Acupuncture also appears to improve sleep quality in elderly subjects with dementia.18 In this study, the researchers followed 19 elderly subjects with dementia during a six-week control period and six weeks of acupuncture. The investigators evaluated sleep quality using wrist actigraphy, which measures sleep patterns and circadian rhythms. The researchers assessed cognitive function using Alzheimer’s Disease Assessment Scale-Cognitive.
The researchers found that the subjects gained significantly more resting time and total sleep time during the acupuncture period compared to the control period. The investigators showed a trend toward improved sleep efficiency, although this was not statistically significant. The researchers did not find a significant change in cognitive function.
The researchers concluded, “Results reveal that acupuncture was effective in improving some domains of sleep quality of elderly with dementia, and the subjects showed acceptance towards the intervention.”
A randomized, double-blind, placebo-controlled study reported that acupuncture also improves sleep quality and quality of life in menopausal women.19
Eighteen post-menopausal women between 50-67 years of age participated in the study. All participants had been diagnosed with insomnia and at least one year of amenorrhea, had a follicle stimulating hormone (FSH) level of 30 mIU/ml or less and were not currently taking antidepressants, hypnotics or hormonal therapy.
The researchers randomly assigned the subjects to receive 10 sessions of acupuncture or sham acupuncture over five weeks. The subjects completed a polysomnography exam and questionnaires regarding mood, quality of life and sleep quality at the beginning of the study and again after the intervention period.
The investigators found that the subjects in the acupuncture group showed significantly lower scores on the Pittsburgh Sleep Quality Index and an improvement in the World Health Organization Quality of Life questionnaire. Polysomnography showed that the acupuncture group had a higher percentage of stage 3 and 4 non-REM sleep than the sham acupuncture group.
The investigators stated, “Acupuncture was effective in improving reported sleep quality and quality of life in postmenopausal women with insomnia.”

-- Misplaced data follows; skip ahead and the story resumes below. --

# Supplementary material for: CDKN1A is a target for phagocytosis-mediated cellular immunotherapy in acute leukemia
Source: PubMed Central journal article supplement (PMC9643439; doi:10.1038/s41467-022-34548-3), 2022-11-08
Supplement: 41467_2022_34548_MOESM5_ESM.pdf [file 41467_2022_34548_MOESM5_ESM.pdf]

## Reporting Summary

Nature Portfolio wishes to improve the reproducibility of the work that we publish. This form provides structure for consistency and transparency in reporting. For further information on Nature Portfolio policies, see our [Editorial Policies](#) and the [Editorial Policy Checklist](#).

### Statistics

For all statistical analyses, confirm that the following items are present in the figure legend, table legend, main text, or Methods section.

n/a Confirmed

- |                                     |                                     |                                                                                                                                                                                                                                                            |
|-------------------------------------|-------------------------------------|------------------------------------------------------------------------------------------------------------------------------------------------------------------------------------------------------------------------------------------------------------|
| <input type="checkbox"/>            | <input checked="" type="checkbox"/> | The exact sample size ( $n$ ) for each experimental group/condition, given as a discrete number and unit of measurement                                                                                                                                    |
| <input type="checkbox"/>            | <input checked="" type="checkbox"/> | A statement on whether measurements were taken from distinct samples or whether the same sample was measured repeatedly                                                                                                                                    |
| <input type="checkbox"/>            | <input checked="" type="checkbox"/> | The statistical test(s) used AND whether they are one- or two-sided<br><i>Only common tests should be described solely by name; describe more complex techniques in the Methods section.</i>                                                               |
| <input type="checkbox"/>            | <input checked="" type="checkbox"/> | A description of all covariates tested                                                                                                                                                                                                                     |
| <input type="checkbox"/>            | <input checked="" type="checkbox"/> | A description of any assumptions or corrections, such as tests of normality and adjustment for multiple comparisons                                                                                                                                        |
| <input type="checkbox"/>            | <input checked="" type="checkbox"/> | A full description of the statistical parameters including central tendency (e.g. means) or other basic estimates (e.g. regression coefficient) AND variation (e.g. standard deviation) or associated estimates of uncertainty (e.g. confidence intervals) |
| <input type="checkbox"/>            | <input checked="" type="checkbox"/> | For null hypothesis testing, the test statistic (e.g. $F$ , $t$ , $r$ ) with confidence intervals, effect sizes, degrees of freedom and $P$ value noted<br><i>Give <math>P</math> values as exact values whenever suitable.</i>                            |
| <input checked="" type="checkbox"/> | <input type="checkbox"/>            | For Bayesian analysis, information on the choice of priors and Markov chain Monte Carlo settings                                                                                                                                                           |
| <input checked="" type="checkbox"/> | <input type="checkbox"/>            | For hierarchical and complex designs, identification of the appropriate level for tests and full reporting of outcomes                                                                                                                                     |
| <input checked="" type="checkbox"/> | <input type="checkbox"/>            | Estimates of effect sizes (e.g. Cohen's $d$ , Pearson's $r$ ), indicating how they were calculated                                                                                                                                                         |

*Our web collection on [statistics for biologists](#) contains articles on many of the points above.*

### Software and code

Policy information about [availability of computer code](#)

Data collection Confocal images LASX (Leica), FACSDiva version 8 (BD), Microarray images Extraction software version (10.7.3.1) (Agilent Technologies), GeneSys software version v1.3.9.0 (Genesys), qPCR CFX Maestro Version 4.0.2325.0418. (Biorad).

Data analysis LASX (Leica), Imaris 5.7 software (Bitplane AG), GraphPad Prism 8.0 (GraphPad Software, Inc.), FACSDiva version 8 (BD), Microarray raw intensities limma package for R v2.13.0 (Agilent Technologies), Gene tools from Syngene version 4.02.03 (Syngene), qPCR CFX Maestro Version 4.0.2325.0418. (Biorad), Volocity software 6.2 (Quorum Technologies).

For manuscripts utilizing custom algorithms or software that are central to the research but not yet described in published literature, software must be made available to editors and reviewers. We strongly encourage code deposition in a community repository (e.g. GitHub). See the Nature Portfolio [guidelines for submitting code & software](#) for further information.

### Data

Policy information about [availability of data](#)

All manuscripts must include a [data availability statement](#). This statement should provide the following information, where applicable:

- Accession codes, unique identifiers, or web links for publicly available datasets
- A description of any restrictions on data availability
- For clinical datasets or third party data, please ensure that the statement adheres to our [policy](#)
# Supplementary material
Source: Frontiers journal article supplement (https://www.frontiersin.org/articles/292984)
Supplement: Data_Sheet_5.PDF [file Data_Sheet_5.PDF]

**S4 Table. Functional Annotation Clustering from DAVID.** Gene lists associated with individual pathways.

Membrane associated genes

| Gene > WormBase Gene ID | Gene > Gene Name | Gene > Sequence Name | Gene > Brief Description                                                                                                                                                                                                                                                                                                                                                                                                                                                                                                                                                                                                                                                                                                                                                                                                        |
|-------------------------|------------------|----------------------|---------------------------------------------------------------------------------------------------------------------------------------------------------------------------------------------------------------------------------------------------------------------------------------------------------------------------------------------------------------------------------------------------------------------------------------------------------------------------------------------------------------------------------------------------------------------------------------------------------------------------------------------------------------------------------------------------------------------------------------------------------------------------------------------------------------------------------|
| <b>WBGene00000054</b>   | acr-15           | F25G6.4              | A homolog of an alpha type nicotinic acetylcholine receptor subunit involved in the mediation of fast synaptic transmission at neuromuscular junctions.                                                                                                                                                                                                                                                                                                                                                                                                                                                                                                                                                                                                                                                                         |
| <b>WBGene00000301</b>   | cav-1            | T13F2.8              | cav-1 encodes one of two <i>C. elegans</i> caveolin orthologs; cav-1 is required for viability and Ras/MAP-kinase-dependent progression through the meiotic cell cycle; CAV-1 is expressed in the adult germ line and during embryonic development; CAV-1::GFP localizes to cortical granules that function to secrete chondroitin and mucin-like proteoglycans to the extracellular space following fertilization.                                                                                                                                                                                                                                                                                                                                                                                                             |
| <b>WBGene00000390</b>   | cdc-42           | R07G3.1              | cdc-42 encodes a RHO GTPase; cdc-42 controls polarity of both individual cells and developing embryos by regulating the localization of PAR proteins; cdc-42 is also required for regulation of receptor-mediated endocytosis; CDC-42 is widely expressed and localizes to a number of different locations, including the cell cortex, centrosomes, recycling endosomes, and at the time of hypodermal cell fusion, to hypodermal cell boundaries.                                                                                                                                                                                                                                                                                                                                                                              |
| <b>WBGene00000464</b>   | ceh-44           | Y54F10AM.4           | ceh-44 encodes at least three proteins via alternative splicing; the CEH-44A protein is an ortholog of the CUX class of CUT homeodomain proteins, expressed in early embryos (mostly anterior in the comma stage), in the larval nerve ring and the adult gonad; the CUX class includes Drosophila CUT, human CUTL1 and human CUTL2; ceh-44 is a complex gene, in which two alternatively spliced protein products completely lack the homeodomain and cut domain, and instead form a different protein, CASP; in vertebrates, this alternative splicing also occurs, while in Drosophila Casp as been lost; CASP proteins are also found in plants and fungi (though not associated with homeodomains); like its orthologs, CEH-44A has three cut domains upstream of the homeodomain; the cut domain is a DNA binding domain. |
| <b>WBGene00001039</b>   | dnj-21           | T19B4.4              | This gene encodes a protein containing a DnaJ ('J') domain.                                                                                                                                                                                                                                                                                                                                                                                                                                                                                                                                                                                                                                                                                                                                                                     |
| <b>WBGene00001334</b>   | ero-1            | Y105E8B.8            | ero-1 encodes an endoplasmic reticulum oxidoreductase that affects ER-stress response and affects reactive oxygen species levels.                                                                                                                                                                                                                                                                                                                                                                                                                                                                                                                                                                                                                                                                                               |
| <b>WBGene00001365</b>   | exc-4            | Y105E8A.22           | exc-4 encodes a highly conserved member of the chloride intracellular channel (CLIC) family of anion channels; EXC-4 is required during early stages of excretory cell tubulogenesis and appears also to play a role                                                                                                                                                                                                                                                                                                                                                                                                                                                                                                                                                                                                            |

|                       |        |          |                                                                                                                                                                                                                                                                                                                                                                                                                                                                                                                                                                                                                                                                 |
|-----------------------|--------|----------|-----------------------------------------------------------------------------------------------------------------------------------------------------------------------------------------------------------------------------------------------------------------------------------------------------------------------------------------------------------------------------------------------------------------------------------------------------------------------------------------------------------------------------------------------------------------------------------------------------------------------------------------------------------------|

Many studies show that acupuncture can help with smoking cessation. One study from 2002 found that acupuncture and education—alone and in combination—significantly reduced smoking, especially in those people with a greater and longer history of smoking.20
A study published in January-February 2013 found that auricular acupuncture (needle in the ear) performed once a week for five weeks resulted in 21 percent of participants quitting smoking,21 while a 2012 meta-analysis of six different studies with a combined total of 823 patients found that acupuncture was, indeed, an effective therapy for smoking cessation.22
A study published in May 2014 shows that auricular (ear) acupuncture can effectively relieve stress and anxiety in healthcare providers.23 There are more than 200 acupuncture points on the ear alone, each linked to a specific part of the body.
In this study, researchers conducted pre- and post-intervention surveys on healthcare providers, who typically endure a great deal of physical and emotional stress and anxiety as part of their job.
Compared to baseline, participants who received auricular acupuncture experienced significant reductions in state anxiety (the temporary anxiety that occurs when one perceives an imminent threat), trait anxiety (a more permanent state of constant worry over real or perceived threats), burnout and traumatic stress scores. Moreover, researchers noted dramatic increases in courage and patience.
In conclusion, the study authors wrote, “Auricular acupuncture is an effective intervention for the relief of stress/anxiety in providers and supports heightened capacity for caring.”
Another study published in January 2012 found that electroacupuncture modulates levels of the stress-related protein neuropeptide Y in rats.24 Neuropeptide Y is elevated during ongoing stress and is believed to contribute to the physiological stress response.
In the brain, neuropeptide Y is released from the hypothalamus and regulates energy intake/appetite. It also impacts release of corticotropin-releasing hormone from the hypothalamus, which is involved in the stress response.
In this study, researchers subjected rats to 14 days of cold stress. Some of the rats received electroacupuncture at the acupuncture point known as stomach 36 and other rats received a sham-acupuncture treatment. Neuropeptide Y levels were evaluated in the plasma and in the paraventricular nucleus of the hypothalamus.
The researchers found that pretreatment or concomitant treatment with electroacupuncture at stomach 36 resulted in suppressed levels of neuropeptide Y in both the plasma and hypothalamus. The rats that received the sham-electroacupuncture treatment did not show a change in neuropeptide Y.
Furthermore, the electroacupuncture treatment showed a long-lasting effect, as the electroacupuncture treatment maintained suppressed levels of neuropeptide Y, even when it was discontinued early and the cold stress continued. The electroacupuncture treatment also inhibited the stress-induced increase in receptors for neuropeptide Y in the paraventricular nucleus.